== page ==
Ageing Danes look to robots to save their welfare state
Faltering productivity and limited immigration feeding into funding problem
Denmark has taken the decision to increase its minimum pension age to 68 years by 2030. Photograph: iStock
Denmark has a problem: it may soon be unable to afford offering such a good deal to its people.
Free healthcare for all, an €800 monthly stipend for college students and robust safety nets for the less fortunate all cost money – Denmark devotes slightly more than 30 per cent of its gross domestic product to social spending, one of the highest levels in the rich world.
According to the Organisation for Economic Co-operation and Development, such a “generous welfare system requires robust public finances”. And while Denmark’s “seem sustainable” for now, the assumptions that underpin that view carry a high level of uncertainty, the OECD warned in a recent survey.
Take labour market participation.
True, an unemployment rate below 4 per cent is one of Europe’s lowest, and industry frequently complains about shortages in skilled labour. But population projections show that Denmark’s 600 billion-krone (€80.6 billion) welfare system is facing a future of more customers and fewer people around to pick up the bill.
Child benefits and an abundance of nurseries have failed to produce a new baby boom. Importing labour from abroad isn’t an option due to the minority government’s reliance on the anti-immigration Danish People’s Party (last year Denmark accepted less than an eighth of the number of refugees who resettled in neighbouring Sweden).
Like many other developed countries, Denmark’s population is ageing. One obvious solution is to get people to work longer. Successive governments have already cancelled early-retirement schemes and have increased the minimum pension age (to 68 years by 2030). Further measures may be announced in prime minister Lars Loekke Rasmussen’s forthcoming 2025 economic plan.
The alternative to cutting costs, of course, is to increase revenue. But Denmark’s not doing too well there either, with faltering productivity leading to an economy that’s now expanding at a slower pace than the euro area’s.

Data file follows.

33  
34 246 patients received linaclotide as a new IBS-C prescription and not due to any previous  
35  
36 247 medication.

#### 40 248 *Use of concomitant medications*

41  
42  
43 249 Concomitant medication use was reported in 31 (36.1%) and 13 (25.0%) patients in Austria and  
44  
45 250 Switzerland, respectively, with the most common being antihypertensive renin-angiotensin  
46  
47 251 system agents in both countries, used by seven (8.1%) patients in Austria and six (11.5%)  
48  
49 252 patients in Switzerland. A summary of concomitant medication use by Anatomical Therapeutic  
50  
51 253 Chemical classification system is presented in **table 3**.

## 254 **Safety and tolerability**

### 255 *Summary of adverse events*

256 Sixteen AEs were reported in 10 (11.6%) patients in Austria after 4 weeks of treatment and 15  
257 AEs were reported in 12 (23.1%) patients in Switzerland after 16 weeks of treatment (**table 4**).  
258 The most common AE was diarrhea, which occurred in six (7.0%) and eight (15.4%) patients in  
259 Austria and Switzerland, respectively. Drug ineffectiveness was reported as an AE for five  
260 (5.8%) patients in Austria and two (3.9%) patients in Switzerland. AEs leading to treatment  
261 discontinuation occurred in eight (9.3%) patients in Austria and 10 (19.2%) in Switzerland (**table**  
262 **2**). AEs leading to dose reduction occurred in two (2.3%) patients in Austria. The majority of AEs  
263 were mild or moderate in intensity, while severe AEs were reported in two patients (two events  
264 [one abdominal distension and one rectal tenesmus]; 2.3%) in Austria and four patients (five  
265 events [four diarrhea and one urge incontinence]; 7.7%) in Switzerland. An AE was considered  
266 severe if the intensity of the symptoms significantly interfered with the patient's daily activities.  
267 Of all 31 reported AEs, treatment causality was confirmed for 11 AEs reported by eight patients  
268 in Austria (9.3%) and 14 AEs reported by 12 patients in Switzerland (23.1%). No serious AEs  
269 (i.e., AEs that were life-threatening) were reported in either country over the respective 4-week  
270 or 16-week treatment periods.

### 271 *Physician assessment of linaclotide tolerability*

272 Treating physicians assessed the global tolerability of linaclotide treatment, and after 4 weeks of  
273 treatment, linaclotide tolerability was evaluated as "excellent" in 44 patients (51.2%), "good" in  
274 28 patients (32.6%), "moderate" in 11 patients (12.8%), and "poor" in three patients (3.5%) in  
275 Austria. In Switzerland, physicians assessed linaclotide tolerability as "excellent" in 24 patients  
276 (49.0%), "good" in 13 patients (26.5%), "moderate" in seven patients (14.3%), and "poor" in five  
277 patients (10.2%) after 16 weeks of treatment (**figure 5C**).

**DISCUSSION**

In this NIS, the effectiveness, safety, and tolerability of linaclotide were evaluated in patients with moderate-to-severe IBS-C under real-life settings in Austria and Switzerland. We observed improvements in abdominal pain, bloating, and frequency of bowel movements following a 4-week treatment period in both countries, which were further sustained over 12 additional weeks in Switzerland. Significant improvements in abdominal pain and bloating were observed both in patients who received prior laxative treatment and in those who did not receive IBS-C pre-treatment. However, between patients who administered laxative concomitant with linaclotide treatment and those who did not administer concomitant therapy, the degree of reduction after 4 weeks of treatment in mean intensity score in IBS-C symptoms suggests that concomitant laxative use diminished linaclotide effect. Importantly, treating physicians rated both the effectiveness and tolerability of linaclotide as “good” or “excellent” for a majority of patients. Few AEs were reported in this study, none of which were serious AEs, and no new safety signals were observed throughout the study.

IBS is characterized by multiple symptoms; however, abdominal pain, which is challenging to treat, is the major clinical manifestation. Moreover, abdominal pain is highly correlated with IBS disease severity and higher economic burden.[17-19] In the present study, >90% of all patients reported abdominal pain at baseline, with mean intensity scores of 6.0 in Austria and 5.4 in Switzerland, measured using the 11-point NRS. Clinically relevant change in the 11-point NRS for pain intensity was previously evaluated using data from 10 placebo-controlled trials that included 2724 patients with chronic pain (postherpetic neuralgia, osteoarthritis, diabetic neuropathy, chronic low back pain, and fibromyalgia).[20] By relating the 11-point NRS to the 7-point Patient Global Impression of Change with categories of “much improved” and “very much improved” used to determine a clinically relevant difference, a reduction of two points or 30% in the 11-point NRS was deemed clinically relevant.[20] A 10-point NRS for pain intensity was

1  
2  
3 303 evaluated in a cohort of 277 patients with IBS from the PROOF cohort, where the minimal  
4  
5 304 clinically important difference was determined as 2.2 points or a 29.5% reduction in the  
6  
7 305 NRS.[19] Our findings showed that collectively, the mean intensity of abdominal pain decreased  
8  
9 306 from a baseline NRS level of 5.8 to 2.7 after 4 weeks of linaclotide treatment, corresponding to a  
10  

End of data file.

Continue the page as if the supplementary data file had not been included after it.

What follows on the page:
A government commission in 2014 estimated that annual output would have been 360 billion kroner higher, boosting GDP by about 15 per cent in the process, had Danes matched the kind of productivity gains seen in the US since the mid-1990s, when American companies accelerated the deployment of computers and other technological advances.
According to the Confederation of Danish Industry, it’s not too late to reap the rewards of automation.
“Robotics, artificial intelligence, connecting everything to the internet – it’s all so cheap now,” said Adam Lebech, who represents technology companies at the trade lobby.
Mr Lebech believes technology is already helping bring back to Denmark some of the 150,000 industry jobs that moved abroad after the financial crisis. Danfoss, for example, is now able tomake more sophisticated thermostats in Denmark thanks to advances in robotics and 3D printing. QuickTake Artificial IntelligenceRobots are also part of the solution for Helge Pedersen, chief economist at Nordea.
“Robots allow us to pull production back home,” he said, but they can also “help improve the return on welfare spending”. – (Bloomberg)